• Neal Sweeney

That House on The Corner Won't Last Much Longer

Updated: Dec 3, 2019

Four years ago I left the neighborhood I had grown up in for over 17 years and went to Boston to attend Emerson College and earn a degree in Journalism in Marketing. Since then it has been announced that the retail-devouring and tax-evading abyssal maw known as Amazon would be making itself manifest in Crystal City, about four miles from the house I knew as home. The County offered the company a $23 Million incentives package in return for an estimated 12,000 'high-paying' jobs over the next 12 years. The move has drawn criticism left and right, putting strain on an already exacerbated housing market accompanied by a city that is number three in traffic congestion and who has had metro stations shuttered for the entire summer.


Now I've returned from college, degree in-hand, to a neighborhood that looks the same in most cases, but feels irreversibly changed. Houses on the block are being bought, torn down and rebuilt into skinnier, taller, residencies all accompanied by seven-figure price tags and west-coast design sensibilities like strangely-colored doors that act as a garish garnish on an already putrid-smelling dish. A dwelling that once contained an aging, cancer-afflicted woman whose lawn I used to mow was no more, and instead replaced entirely; the house on the corner next to it that I only knew as the one with a wheel-chair elevator on the side of it has had said elevator removed and the excess vegetation around it shredded, it will likely be next.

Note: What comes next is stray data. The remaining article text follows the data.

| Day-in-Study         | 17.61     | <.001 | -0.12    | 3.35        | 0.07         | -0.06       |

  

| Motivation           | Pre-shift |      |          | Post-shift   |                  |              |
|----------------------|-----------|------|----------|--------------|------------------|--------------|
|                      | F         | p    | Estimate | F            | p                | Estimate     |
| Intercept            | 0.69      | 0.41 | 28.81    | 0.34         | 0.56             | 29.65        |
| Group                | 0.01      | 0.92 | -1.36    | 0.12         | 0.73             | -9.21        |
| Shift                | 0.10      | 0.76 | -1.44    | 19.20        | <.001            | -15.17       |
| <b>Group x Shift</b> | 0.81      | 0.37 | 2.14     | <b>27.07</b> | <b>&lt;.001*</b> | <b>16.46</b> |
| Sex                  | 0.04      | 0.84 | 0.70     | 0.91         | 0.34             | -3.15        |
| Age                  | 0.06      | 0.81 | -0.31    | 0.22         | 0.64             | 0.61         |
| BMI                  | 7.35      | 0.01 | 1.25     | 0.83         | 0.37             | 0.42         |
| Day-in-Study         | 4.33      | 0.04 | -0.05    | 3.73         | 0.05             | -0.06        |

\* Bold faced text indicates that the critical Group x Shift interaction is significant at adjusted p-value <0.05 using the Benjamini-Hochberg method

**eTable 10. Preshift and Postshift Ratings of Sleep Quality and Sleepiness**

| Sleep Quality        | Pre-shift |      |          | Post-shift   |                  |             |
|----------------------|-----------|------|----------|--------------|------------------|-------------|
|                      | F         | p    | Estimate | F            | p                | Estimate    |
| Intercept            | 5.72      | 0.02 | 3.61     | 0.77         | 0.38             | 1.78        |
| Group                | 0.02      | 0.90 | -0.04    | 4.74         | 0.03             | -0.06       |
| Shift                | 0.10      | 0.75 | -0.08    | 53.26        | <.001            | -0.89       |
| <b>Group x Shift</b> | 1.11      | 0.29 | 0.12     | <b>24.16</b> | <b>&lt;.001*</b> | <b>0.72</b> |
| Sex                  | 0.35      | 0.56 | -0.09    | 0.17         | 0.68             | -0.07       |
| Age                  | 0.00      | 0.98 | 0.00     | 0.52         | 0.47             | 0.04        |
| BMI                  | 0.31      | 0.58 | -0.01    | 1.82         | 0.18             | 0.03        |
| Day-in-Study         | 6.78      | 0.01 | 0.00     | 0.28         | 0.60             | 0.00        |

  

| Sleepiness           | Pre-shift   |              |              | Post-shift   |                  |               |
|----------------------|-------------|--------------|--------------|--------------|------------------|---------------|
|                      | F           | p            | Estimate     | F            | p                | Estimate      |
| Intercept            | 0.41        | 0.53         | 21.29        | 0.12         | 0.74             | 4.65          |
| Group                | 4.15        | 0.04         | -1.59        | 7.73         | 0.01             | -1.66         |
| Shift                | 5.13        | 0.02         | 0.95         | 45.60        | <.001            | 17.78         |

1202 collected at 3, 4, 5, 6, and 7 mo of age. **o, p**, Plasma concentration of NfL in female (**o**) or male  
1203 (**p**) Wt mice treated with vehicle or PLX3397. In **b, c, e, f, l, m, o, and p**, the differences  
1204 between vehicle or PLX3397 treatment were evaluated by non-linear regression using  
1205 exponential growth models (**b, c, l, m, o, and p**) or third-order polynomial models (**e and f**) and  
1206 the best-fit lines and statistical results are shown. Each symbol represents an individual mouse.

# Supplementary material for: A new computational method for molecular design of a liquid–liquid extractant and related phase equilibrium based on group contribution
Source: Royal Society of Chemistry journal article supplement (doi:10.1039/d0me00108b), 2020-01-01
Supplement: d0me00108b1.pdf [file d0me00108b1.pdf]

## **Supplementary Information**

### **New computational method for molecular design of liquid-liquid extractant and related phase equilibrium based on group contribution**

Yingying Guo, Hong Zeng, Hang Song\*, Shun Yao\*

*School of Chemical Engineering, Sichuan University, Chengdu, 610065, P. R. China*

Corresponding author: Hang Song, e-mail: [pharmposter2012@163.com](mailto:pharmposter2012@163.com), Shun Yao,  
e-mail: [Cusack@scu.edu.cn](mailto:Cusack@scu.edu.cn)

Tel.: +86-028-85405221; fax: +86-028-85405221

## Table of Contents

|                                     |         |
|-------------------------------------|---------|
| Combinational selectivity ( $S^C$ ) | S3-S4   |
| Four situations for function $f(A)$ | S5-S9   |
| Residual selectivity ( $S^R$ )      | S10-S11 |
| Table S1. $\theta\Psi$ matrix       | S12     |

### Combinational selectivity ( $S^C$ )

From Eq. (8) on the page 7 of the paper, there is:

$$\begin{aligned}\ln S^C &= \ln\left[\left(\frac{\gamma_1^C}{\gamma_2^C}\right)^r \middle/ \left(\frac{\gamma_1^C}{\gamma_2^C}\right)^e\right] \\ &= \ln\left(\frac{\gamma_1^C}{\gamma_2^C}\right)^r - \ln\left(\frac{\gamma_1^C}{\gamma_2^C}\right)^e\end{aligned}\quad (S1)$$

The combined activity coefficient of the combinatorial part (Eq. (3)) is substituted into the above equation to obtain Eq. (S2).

It feels like a trend in tandem with the polarization of our political climate, as masses flock towards crowded metropolises and pack themselves in to tight apartment buildings with lower-level retail that sport vain names like West Alex and have studio apartments with configurations referred to vapid things such as The Selfie. In other words, you live somewhere, or you live nowhere. No longer are towns built around single mass-employers like coal mines and steel mills, instead mega-corporations like Amazon inject themselves into already established ones like Washington to save themselves the effort and trouble of having to build their own infrastructure. Obviously this is due to the fact that steel mills required themselves to be near rivers and coal mines needed coal to mine, whereas Amazon is an ephemeral, online business that only needs two physical locations to eviscerate competitors globally.


I'm no expert on southern Virginia and West Virginia, but I've spent some time in both places, and can only recount things like the absence of cellular signal in entire small-towns. Places that once seemed to hold some form of business or retail were abandoned shells with 'For Sale' signs in the windows, with only a gas station, Subway sandwich shop and grocery store remaining. These are places susceptible to the opioid epidemic and poverty, stretches of empty, abandoned territory where people circulate resources amongst one another and simply try to persist in the wake of formalized industry.


With the aforementioned degree obtained my life sits at an inflection point while I attempt to establish a career and peruse job offerings that solely reside in one of these metropolises. Choosing to live in a smaller, more quaint area feels like a resignation away from professional-level careers and an acceptance that in some ways I have failed, being unable to secure a job that I will see as prestigious and worthy of a person such as myself. It feels like another problem where fingers can be pointed towards governments and citizens can cry out that the system has failed them, and will continue to do so as people in this bone-headed country continue to do things as they have been done; Just because it has been that way does not mean that it should be that way.


But as a mere citizen I resign myself to the fact that there is nothing I can do about this, and will merely play the game presented to me, in lieu of deciding not to play at all. For now, I will continue to spend my days reaccompanying myself with the house I left for four years, adjusting to the immaculately-designed and transformed Ballston Quarter that still acts as a vessel for Chik-Fil-A and mediocre retail establishments filled with things I'd be better off buying online.